Thursday, September 9, 2010

Bondzilla Returns!

What an interesting day today.

There are lots of things to talk about so let's get right to it.  Let's start with the ugly 30 year treasury auction today.  Here was the recap from the link above:

"This week's government debt sale ended on a sour note, with investors unfriendly toward a sale of long bonds.

The $13 billion sale of 30-year bonds fetched a high yield of 3.82 percent, 0.042 percentage points above the "when issued" expectations. Bidders put up 2.73 times the amount bid, a measure known as the bid-to-cover ratio.

Foreign demand also was soft, with indirect bidders making up just 36 percent of total buyers."

Needless to say the bond market didn't like the news.  Notice the sharp spike in 30 year yields at 1:00 when the auction results were released:



My Take:

This afternoons bond sale was very disappointing considering the flight to safety we are currently seeing into bonds.  The fact that only about a third of the auction was bought by foreigners is also pretty disturbing.

When you really think about it:  Should we really be surprised at these results? 

I mean investors are scared to death right now.  The idea of holding a bond that doesn't mature for 30 years must sound daunting when we can't even predict how the economy will look 6 months from now.

Foreigners have to be concerned about our ability to keep rates this low as our deficits continue to soar.    There is also the risk of inflation that could be triggered if we saw the dollar collapse or a devaluation of the currency by the Fed.

I think there is another developing threat to the bond market that is starting to get a lot of press.  This is the emergence of corporate debt.  Take a close look at the video below:




My Take:

Buying corporate debt is beginning to look like a much better bet moving forward.

Think about it:

Why buy treasuries that pay nothing and expose you to the serious threats of the USA's deficits when you can invest in a corporate bond of a company that has a stronger balance sheet and pays a higher yield?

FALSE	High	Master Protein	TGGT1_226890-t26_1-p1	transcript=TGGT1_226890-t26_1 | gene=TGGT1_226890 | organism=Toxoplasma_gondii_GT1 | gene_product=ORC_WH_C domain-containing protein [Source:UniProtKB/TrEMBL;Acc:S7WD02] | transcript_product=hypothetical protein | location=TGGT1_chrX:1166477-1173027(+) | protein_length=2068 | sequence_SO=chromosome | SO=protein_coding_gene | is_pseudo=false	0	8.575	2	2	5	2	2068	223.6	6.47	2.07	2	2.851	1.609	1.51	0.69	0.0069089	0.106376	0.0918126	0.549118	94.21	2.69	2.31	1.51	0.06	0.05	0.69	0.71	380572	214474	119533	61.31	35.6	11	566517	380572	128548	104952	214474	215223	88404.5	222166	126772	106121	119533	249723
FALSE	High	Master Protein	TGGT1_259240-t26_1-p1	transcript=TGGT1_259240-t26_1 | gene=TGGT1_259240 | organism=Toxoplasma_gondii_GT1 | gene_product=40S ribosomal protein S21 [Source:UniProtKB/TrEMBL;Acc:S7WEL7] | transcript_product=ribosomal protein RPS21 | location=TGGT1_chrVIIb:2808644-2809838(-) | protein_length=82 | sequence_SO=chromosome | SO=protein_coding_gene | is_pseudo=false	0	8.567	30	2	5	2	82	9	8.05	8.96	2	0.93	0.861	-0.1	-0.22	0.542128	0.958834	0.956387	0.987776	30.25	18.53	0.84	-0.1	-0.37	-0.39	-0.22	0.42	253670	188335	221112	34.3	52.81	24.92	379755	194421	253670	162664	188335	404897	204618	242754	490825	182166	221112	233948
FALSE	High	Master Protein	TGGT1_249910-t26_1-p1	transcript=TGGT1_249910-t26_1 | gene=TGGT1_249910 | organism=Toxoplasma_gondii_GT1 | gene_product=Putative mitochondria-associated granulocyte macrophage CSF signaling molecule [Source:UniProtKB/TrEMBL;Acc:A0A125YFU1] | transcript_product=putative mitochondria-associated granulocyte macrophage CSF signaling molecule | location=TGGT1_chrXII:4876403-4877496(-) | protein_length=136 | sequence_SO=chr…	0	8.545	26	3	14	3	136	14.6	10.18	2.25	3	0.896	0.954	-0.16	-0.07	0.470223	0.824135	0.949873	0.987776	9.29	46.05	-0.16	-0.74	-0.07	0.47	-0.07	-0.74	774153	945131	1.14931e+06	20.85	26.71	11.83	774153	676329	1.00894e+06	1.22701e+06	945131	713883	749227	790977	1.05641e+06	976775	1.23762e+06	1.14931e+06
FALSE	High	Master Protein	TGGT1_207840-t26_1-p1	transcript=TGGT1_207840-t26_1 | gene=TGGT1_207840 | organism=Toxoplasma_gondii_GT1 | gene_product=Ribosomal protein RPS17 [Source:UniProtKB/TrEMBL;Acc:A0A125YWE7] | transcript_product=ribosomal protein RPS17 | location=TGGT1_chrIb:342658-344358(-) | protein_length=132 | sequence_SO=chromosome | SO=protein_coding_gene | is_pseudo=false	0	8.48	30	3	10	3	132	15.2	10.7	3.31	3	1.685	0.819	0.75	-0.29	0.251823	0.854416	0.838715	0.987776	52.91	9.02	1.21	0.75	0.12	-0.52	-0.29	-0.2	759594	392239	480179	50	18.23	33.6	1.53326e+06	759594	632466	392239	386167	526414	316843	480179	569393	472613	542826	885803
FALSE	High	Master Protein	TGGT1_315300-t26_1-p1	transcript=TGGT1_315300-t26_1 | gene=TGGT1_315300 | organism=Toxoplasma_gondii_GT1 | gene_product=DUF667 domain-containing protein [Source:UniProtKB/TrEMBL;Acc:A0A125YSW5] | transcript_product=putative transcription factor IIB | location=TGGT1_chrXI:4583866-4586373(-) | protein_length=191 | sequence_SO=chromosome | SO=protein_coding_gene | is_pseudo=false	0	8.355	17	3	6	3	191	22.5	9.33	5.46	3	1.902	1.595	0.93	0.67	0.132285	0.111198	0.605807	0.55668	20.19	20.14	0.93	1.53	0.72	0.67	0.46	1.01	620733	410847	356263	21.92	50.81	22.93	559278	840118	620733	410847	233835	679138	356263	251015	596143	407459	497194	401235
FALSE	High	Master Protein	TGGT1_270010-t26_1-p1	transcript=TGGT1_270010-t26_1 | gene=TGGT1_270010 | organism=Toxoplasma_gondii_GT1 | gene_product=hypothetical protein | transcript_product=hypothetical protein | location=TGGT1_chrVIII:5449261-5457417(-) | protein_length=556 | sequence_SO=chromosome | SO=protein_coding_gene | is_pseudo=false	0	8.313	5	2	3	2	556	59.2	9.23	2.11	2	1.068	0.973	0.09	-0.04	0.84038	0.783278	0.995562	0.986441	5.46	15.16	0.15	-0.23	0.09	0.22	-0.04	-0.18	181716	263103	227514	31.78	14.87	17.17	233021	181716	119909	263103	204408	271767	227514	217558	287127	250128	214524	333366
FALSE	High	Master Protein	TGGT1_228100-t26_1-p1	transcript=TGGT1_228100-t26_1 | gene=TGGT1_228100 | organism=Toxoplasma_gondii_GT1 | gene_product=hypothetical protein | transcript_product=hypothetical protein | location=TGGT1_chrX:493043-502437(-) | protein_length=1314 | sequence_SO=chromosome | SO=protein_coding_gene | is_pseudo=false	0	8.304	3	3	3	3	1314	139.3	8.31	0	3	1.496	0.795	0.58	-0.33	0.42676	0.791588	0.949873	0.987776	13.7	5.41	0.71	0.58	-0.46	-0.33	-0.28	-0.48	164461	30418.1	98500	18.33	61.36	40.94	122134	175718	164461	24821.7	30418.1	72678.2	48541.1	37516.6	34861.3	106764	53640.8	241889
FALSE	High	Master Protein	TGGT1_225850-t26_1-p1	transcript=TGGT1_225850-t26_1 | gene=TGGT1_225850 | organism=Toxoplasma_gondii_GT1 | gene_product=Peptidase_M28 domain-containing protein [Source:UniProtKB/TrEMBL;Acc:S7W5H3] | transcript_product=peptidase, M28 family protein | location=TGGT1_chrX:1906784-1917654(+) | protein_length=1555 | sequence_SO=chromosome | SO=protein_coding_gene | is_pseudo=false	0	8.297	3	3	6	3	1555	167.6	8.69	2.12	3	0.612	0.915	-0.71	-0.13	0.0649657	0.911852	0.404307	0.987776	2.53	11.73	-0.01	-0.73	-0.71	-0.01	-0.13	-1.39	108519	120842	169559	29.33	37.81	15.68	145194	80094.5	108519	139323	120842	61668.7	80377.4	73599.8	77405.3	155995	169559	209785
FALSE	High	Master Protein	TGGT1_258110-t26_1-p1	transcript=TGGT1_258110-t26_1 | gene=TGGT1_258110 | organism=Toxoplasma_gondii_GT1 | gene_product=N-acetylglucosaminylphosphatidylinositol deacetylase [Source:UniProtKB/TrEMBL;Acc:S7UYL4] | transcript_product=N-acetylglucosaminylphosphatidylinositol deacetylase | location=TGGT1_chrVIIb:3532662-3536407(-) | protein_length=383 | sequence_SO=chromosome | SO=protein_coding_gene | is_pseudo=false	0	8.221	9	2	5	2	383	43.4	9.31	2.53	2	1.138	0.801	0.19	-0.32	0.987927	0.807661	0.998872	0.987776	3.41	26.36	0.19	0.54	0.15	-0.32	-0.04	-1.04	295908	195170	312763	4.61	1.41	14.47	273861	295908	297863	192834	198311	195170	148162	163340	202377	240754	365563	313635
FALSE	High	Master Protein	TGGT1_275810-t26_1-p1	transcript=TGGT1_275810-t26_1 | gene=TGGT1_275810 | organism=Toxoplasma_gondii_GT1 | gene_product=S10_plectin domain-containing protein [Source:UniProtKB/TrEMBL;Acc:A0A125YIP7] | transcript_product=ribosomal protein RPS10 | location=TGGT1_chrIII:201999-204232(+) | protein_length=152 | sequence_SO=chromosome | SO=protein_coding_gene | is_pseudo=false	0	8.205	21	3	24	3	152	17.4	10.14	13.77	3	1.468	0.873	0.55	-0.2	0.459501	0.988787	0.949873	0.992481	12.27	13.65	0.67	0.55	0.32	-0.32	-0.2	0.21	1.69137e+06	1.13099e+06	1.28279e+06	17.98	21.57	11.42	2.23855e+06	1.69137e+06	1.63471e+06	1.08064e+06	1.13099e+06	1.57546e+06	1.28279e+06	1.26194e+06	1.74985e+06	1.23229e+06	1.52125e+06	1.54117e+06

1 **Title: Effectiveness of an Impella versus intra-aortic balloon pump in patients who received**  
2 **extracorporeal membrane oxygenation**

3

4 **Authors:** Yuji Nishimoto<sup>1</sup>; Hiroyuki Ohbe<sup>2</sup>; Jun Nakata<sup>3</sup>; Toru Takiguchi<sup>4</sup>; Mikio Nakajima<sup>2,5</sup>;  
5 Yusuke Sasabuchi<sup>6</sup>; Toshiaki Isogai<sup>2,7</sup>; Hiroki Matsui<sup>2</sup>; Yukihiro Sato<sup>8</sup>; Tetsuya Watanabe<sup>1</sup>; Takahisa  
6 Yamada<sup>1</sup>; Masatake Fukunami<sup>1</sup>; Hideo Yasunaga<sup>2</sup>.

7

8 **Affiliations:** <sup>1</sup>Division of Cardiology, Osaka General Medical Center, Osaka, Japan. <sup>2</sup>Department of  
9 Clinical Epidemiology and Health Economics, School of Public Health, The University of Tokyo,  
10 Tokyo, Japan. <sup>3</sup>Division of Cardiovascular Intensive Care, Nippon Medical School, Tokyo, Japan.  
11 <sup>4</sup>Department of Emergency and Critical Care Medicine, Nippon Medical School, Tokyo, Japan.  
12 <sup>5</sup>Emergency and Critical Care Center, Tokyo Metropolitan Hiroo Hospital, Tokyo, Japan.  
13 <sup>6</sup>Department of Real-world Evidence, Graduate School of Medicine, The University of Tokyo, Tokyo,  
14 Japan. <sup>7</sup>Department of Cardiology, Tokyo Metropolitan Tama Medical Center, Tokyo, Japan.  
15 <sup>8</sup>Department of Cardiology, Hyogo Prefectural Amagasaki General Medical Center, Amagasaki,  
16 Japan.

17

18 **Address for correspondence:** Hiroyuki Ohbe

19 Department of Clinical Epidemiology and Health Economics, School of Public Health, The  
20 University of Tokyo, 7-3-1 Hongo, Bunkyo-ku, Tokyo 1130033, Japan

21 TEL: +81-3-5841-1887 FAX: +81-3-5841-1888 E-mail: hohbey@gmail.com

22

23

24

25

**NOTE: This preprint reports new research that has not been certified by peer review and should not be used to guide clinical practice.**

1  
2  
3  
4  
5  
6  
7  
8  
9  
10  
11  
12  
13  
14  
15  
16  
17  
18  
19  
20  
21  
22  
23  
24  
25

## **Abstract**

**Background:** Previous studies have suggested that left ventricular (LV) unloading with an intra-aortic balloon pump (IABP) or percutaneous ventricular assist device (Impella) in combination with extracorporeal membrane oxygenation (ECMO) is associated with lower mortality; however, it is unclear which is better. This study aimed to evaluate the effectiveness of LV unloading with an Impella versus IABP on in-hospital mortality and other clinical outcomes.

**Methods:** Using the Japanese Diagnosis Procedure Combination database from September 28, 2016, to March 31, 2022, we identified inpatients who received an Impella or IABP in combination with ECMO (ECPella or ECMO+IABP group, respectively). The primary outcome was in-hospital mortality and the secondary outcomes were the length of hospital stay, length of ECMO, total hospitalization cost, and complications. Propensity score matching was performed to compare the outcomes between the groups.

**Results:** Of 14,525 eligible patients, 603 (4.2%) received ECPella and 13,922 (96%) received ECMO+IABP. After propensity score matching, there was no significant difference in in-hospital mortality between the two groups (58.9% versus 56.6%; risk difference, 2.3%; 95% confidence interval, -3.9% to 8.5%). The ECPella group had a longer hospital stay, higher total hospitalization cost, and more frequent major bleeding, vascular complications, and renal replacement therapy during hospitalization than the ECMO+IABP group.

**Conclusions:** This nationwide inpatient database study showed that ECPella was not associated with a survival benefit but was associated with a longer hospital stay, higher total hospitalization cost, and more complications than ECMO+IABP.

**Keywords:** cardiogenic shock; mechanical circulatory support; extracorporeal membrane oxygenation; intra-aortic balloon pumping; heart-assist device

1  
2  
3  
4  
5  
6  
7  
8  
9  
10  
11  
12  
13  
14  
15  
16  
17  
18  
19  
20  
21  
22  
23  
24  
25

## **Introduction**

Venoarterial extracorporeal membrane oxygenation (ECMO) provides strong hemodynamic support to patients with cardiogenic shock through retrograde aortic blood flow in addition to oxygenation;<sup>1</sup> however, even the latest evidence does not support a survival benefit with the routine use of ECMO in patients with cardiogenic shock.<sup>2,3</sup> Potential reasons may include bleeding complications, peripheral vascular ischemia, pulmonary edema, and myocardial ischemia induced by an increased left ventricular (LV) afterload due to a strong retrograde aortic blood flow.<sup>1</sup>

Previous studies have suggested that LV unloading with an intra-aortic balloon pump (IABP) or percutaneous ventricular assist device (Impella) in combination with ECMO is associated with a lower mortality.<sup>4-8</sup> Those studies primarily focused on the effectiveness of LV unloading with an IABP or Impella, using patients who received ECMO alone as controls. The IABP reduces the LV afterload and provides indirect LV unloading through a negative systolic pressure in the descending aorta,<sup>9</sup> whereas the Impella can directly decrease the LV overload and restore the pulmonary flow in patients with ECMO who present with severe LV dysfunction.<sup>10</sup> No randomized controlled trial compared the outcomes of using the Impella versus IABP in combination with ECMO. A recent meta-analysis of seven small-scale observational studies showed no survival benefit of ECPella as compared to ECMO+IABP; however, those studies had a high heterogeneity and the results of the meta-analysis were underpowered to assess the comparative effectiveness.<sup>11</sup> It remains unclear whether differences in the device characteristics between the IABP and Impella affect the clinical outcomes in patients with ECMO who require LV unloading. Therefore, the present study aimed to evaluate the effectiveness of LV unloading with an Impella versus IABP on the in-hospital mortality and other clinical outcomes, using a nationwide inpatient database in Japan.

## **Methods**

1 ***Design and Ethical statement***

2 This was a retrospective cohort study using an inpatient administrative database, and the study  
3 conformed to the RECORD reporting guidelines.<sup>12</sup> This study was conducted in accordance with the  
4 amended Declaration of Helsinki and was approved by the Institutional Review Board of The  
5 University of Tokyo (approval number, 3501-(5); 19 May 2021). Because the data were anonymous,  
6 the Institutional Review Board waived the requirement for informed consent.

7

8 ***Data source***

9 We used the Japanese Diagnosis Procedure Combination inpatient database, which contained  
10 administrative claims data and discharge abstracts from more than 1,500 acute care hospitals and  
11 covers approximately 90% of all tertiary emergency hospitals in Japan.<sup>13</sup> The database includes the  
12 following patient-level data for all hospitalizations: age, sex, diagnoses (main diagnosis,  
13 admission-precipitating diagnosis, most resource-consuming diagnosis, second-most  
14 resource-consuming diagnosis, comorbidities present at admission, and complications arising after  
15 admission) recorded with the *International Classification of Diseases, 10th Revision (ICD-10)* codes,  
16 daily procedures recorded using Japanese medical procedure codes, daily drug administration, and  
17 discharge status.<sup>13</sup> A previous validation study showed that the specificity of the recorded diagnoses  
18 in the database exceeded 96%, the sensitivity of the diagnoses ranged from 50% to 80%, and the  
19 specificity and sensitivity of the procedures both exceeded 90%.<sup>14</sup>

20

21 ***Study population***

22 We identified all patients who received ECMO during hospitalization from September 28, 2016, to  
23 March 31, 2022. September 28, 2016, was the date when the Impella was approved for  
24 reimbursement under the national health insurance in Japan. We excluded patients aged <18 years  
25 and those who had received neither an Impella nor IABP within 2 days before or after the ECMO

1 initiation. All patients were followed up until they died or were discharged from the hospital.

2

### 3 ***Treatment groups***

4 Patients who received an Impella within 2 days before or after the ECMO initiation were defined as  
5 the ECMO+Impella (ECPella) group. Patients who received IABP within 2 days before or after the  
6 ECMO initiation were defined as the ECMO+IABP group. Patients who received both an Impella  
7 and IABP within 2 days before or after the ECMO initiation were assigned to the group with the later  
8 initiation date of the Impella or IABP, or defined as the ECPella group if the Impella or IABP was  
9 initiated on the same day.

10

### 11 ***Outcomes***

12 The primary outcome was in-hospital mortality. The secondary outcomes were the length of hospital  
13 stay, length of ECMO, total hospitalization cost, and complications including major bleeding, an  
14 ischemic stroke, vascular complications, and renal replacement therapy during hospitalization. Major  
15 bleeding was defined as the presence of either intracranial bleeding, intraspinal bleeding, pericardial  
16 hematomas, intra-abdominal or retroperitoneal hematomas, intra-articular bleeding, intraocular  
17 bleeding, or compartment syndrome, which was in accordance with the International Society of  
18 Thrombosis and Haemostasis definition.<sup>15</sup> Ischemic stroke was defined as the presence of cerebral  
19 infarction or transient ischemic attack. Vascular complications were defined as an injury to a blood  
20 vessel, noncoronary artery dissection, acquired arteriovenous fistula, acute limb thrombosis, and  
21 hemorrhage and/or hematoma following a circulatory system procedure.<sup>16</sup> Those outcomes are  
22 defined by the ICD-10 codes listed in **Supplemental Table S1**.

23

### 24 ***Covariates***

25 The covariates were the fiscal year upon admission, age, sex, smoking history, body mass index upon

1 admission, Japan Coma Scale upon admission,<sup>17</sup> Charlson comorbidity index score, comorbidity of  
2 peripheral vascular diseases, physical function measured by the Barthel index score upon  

Sounds like a no brainer idea to me.  There are plenty of solid companies that will survive our depression.   I agree with the bond trader above:  If you are comfortable with the duration of the bond and the yield then go for it!

You can see why companies are swarming to the bond market with debt offerings.  They know they will likely never see today's perfect combination of strong demand for corporate debt and low borrowing costs ever again in their lifetime.

Market Volume

I wanted to end with a little piece on the market volumes and sentiment before I get to the bottom line.

Bob Pisani had another interesting statistic today on the trading volume in early September:

"In the first 5 trading days, September consolidated trading volume at the NYSE was down 31 percent compared to the same period last year. August volume was also 31 percent below the same period last year."

Quick Take:

Where are all of the bulls?  I thought this was recovery summer?

Basically the volume tells you that you can hear the crickets chirping on the trading floors of the stock market.  This doesn't bode well for equities. 

The video above that began with a hedge fund trader who called for the death of  "cult of equity had a good take on it:

Here is the link to the article that the CNBC referred to.

Some tidbits from the piece:

"The “cult of equity” is dead as dividend yields in most of the west have risen above bond yields, according to one of Europe’s leading equity fund managers.

Alister Hibbert, a fund manager in European equities at BlackRock, told the Financial Times in a video interview that the cult started when dividend yields fell below bond yields about 60 years ago.

“We have now moved decisively the other way ... and that seems to be in relatively normal market times. So I think the cult of equity is dead,” he said.

They suggest that many equity professionals are admitting defeat after a poor decade for share prices has seen investors move away from equities and into bonds.

The cult of equity is widely regarded as starting in the 1950s as institutional investors piled into shares, pushing the dividend yield below the bond yield."

Quick Take

This was actually a bit too bullish for me at the end.  I think he is right but way early.  Nonetheless, he does make a good point about the psychology of investors who have taken a beating in equities over the past 10+ years.

The Bottom Line

Keep an eye on this huge shift into corporate bonds.  This will not bode well for stocks or treasuries in my opinion. 

I say this because the massive flight into corporate bonds suggests that there are now three viable competitors for investors.

Corporate bonds have always been around. 

However,they were never really a real threat to government bonds because they were considered "risky" versus investing in a treasuries that were backed by the full faith and credit of the United States Government.

This investor sentiment has now changed because investors are now questioning the solvency of the US.  They are then questioning treasuries as a result.

It will be interesting to see how stocks and treasuries react to their new corporate competition.  

Remember, there is only so much money that can be spread around so both stocks and treasuries could suffer as money finds safer places to hide.

Disclosure:  No new positions taken at the time of publication.







2 comments:

getyourselfconnected said...

I stole your bottom line tag with full credit toniight!

Jeff said...

Thanks get!